I expected to see Marsden’s gouged eye sockets staring back at me from beyond the glass, but, instead, I saw a little golden cherub that grew great, black bat wings and flew around the display of glittering crystal raindrops while an ivory snake with ruby eyes slithered away below. Then the cherub landed, shifting its form again into a sleek, gilded leopard that lounged magnificently amid a host of smaller red and black creatures. All but one of the little beasts slowly changed colors to match the larger one, and the leopard turned its face toward mine and smiled a very satisfied smile, twitching its tail languorously. The remaining dark animal grew large, walked twice around the gold one, and then strolled away with a sound like deep laughter.
We followed it to the next window where a large, wind-up bronze toy featured a woman sitting on a sculpted lawn, rocking a baby in a cradle while a small girl spun slowly to a delicate tune that reminded me of Lisbon. The black animal sniffed at the toy, glanced at us, then bounded away. “Where did it go?” I asked.
“I’m not allowed to say. Let’s go inside.”
I let Inwood lead me into the shop, wondering exactly what kind of shopping trip this really was….
A long, white paper-maché skeleton grinned at me from a shelf near by. Inwood picked up a small object from the table next to the display window and dropped it into my coat pocket. “You’ll want this later. But look there,” he added, pointing with his cane.
The nearest walls were hung with a series of pictures that seemed to be painting themselves in layers of words and thick sweeps of color, then bursting into light and blankness before starting again. I stared at them, barely noticing Most of the paintings seemed to be landscapes, a few were portraits, and as I watched I recognized parts of the Puget Sound as it had been long ago, as well as bits I’d seen in person as they happened: the Madison Forrest House burning down; the building of the Great Wheel on the waterfront; hand-shaped monstrosities creeping through the Olympic National Forest while they built a sculpture of living light and sound; a young ballerina with crippled feet; an empty suit and a gold watch that vanished into a riot of fern and weeds; and my friend Phoebe in the midst of her bookstore with a cat perched on her shoulder like a pirate’s parrot.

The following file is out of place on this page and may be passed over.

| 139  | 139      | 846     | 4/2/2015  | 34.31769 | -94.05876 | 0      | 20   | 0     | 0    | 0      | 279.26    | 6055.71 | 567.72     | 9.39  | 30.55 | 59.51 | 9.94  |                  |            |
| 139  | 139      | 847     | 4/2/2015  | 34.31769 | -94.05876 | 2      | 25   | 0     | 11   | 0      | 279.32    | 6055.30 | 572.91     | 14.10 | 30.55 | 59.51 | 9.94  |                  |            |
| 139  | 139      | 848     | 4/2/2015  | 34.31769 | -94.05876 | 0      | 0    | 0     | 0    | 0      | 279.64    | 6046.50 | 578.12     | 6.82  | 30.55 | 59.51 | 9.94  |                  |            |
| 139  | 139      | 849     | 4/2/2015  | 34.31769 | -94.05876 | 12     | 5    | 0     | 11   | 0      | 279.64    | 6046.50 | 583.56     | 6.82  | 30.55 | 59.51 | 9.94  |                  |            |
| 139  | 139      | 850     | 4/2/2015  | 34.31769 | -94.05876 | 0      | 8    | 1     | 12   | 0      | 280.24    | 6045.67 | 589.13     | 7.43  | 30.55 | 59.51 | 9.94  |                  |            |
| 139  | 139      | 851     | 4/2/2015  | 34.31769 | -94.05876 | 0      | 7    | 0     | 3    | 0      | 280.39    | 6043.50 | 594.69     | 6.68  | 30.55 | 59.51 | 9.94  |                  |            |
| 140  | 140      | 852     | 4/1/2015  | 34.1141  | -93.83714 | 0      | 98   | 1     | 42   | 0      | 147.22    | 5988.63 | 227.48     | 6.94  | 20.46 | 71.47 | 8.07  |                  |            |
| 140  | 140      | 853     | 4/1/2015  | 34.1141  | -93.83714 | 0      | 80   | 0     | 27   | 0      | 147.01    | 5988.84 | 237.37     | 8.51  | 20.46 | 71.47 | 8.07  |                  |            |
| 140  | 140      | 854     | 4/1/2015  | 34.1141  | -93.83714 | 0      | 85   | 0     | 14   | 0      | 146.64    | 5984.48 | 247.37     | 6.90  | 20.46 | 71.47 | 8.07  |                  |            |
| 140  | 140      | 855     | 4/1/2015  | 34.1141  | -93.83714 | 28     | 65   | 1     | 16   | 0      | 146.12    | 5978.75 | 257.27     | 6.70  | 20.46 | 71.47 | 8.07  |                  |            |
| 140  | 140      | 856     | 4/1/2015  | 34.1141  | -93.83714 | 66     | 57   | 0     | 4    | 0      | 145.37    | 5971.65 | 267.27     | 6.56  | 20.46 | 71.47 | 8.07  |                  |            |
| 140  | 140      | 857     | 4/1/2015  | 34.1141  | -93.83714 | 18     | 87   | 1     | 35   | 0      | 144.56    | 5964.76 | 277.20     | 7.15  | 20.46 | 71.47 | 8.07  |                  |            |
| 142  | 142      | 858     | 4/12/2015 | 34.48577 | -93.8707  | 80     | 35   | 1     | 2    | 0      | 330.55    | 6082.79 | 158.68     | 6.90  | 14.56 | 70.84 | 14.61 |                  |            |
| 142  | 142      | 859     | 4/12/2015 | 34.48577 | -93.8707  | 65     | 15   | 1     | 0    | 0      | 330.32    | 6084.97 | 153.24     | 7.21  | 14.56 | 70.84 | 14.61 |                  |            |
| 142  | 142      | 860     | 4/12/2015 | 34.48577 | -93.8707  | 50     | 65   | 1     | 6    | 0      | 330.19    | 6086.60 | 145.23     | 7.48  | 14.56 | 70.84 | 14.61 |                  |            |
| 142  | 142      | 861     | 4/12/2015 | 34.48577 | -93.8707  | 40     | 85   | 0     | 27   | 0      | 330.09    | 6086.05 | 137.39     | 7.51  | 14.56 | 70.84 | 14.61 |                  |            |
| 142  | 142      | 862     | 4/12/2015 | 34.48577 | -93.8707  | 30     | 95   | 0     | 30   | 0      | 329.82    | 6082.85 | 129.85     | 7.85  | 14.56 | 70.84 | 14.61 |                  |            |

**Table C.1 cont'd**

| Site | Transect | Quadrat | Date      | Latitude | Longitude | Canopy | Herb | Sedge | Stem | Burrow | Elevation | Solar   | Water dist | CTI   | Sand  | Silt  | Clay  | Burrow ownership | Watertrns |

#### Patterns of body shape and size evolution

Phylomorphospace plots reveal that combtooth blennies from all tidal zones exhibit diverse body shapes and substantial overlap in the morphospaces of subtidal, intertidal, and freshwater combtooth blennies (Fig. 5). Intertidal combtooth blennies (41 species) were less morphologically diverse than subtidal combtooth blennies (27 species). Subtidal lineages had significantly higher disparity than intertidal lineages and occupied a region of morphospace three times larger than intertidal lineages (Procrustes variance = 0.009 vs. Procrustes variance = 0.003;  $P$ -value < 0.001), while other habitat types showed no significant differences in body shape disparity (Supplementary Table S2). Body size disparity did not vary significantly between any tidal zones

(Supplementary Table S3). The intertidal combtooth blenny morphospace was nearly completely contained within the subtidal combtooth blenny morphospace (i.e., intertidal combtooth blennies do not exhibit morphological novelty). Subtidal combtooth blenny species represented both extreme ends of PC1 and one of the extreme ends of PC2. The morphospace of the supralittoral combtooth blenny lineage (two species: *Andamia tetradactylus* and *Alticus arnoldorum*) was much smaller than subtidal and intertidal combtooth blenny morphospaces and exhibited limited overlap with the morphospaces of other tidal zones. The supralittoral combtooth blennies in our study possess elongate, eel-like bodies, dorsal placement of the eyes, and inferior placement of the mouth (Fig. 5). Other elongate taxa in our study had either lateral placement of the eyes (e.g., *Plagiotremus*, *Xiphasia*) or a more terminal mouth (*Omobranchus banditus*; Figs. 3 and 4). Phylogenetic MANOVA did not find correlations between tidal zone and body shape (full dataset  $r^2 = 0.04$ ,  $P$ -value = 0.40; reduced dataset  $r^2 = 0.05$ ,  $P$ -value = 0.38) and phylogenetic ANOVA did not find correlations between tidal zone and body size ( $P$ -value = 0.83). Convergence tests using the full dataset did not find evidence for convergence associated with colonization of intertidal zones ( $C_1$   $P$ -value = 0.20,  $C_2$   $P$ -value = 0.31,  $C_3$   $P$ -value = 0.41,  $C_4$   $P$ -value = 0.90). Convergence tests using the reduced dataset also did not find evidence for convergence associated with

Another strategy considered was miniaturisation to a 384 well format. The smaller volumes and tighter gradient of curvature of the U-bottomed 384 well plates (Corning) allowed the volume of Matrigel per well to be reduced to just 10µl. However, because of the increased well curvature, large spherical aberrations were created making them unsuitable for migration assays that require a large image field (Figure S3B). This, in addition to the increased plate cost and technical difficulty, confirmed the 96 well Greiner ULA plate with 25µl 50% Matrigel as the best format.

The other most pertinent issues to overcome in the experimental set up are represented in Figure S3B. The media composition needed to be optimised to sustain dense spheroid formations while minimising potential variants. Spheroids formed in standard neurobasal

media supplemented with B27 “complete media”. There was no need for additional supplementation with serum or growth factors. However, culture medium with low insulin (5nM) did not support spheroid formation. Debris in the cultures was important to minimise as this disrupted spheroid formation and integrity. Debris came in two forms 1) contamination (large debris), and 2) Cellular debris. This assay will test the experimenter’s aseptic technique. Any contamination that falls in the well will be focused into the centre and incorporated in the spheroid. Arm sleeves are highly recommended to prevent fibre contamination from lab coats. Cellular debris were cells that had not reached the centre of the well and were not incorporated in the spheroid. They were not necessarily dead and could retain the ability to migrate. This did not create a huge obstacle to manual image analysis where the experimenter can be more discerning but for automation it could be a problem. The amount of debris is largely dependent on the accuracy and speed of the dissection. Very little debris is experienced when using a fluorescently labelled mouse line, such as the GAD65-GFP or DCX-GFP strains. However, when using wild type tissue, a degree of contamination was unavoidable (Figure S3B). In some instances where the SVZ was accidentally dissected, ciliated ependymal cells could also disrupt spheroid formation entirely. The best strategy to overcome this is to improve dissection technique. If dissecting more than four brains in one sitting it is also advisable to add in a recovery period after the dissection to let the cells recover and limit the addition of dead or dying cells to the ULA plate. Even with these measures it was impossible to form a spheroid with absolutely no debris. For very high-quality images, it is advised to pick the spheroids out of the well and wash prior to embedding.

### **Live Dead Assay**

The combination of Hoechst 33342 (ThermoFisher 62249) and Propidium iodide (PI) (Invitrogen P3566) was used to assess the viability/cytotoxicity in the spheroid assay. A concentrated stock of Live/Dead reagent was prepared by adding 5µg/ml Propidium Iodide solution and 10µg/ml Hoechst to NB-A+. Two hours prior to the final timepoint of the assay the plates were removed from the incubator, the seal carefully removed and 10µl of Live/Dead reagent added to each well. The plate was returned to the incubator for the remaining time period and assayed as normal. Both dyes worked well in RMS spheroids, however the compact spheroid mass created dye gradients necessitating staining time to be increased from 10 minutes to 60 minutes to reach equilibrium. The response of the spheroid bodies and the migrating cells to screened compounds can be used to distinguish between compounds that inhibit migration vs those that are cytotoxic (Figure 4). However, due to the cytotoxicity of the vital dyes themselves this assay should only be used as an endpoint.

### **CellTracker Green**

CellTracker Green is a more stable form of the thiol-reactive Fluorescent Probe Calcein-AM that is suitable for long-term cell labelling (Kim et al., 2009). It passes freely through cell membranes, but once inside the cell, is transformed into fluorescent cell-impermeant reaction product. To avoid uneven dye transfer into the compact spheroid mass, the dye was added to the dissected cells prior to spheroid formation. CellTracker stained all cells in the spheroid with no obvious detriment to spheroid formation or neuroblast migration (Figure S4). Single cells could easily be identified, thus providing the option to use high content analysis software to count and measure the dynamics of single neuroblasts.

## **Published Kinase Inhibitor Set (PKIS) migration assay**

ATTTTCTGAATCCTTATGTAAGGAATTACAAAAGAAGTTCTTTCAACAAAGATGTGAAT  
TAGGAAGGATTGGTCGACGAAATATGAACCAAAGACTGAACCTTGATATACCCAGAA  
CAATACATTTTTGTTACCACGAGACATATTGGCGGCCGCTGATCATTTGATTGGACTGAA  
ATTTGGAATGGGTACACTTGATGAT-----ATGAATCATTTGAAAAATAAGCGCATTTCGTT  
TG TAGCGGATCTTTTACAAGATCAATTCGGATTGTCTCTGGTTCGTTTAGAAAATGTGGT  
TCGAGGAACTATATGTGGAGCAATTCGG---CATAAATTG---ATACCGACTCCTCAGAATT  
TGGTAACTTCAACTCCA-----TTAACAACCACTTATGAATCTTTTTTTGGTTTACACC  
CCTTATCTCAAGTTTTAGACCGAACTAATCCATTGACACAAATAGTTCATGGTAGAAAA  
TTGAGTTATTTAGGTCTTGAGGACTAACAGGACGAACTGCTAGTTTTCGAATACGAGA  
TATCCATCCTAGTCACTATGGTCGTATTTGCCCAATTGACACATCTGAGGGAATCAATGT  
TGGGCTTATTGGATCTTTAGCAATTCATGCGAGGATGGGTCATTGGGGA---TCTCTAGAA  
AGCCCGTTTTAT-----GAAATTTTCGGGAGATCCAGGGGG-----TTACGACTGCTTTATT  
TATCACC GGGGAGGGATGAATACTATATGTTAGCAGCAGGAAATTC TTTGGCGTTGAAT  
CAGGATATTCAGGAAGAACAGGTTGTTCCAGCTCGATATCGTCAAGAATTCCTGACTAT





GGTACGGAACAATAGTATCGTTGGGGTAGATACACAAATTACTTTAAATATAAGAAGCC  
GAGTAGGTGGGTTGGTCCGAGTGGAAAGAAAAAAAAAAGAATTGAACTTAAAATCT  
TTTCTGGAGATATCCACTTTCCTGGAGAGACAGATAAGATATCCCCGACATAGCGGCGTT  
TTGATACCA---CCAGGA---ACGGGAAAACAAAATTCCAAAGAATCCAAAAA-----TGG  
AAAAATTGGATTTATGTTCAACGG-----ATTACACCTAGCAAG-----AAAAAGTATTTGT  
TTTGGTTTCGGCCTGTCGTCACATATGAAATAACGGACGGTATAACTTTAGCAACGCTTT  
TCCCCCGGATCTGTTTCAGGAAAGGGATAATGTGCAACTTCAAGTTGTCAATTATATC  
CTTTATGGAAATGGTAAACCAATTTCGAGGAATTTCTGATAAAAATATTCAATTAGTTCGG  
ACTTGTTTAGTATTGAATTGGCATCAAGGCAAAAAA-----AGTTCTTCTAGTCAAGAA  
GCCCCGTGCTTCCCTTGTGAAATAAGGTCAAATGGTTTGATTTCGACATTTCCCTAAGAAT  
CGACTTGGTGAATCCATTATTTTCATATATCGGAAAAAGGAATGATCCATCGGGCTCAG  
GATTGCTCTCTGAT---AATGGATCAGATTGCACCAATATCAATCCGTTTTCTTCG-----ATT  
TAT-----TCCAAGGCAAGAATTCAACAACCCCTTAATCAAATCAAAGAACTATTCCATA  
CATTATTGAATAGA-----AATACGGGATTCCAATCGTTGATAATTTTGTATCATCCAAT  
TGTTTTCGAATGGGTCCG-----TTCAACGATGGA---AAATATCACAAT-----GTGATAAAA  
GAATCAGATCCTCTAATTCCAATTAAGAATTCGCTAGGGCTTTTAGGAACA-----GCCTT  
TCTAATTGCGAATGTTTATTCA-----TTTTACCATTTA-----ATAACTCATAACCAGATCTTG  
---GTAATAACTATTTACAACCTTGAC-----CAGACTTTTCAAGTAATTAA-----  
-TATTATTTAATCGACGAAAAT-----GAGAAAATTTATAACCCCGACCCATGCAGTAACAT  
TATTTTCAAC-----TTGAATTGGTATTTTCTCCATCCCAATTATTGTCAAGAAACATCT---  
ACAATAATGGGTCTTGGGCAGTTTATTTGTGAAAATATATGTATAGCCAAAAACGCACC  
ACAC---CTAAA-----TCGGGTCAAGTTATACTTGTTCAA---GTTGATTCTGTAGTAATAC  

I turned to look deeper into the shop. A marionette of a ferret danced from strings that vanished into the ceiling. A curtain of misty ghosts swirled around a dragon-like creature of bone and silver that bit its tail, while a boat plunged through a stormy sea populated with mermaids and monstrous fish. Another puppet—an elderly woman pulling a wire grocery cart—trundled back and forth along a shelf between of a miniature version of Pioneer Park’s iron-and-glass pergola and a decrepit, pink vinyl doll house. Two carved wooden figures—a bear and a female ogre—glared at each other from each end of the shelf.
“Ah, it’s you,” said a soft voice.
I turned and looked farther into the shop. A girl in a white blouse sat on a tall stool behind an intricately-carved counter. Her hair shifted from red to black to blue as I watched. “My grandmother said to look out for you.”
“And here she is,” Inwood said. He gave me an encouraging push. “Go on. She doesn’t bite. At the moment.”
I stumbled, suddenly weary, to the counter, and hitched myself up onto a matching stool in front of the young woman. “Who’s your grandmother?” I asked.
“You haven’t met. Don’t fuss over it, just empty your pockets and we’ll take a look.”
“A look at what?”
“Your Christmas Present.”
I glanced at Inwood, who was staring at air somewhere west of my shoulder and east of the moon. “Safe as houses,” he said. “On my eyes, it is.”
Well… at least he had eyes, however non-functional.
A little tin rhinoceros ran in circles on the counter, bumping occasionally into a stuffed bear and a green cat. A small figure of the Egyptian goddess Sekhmet sat sidesaddle on a model motorcycle nearby and waved at me.
This was, without doubt, the weirdest shopping trip I’d ever been on.
The young woman put a black rod on the counter between us; the round rod was about two-and-a-half feet long and an inch-and-a-half thick with channels that curled up and around the rod like vines cut into the surface. “Now your pockets. Please,” she said.
I emptied my coat pockets onto the counter—not that there was much in them beside my hotel key and a bus ticket.
But what clattered out was a jangling silver charm bracelet, Quinton’s fake ID in the name of Christopher Marlowe Smith, and a small sugar skull. The charm bracelet was heavy with tiny objects: a gold cat’s paw print; a fanged face carved from jade; a framed picture that changed so constantly I couldn’t distinguish the images; tiny ships, motorcycles, salmon, and cars; a two-headed serpent; a baby; a pirate; an eye; a dagger; a tiny wooden sphere… I couldn’t even identify all the charms before the woman swept them up and studied them behind a cupped hand with a jeweler’s loupe.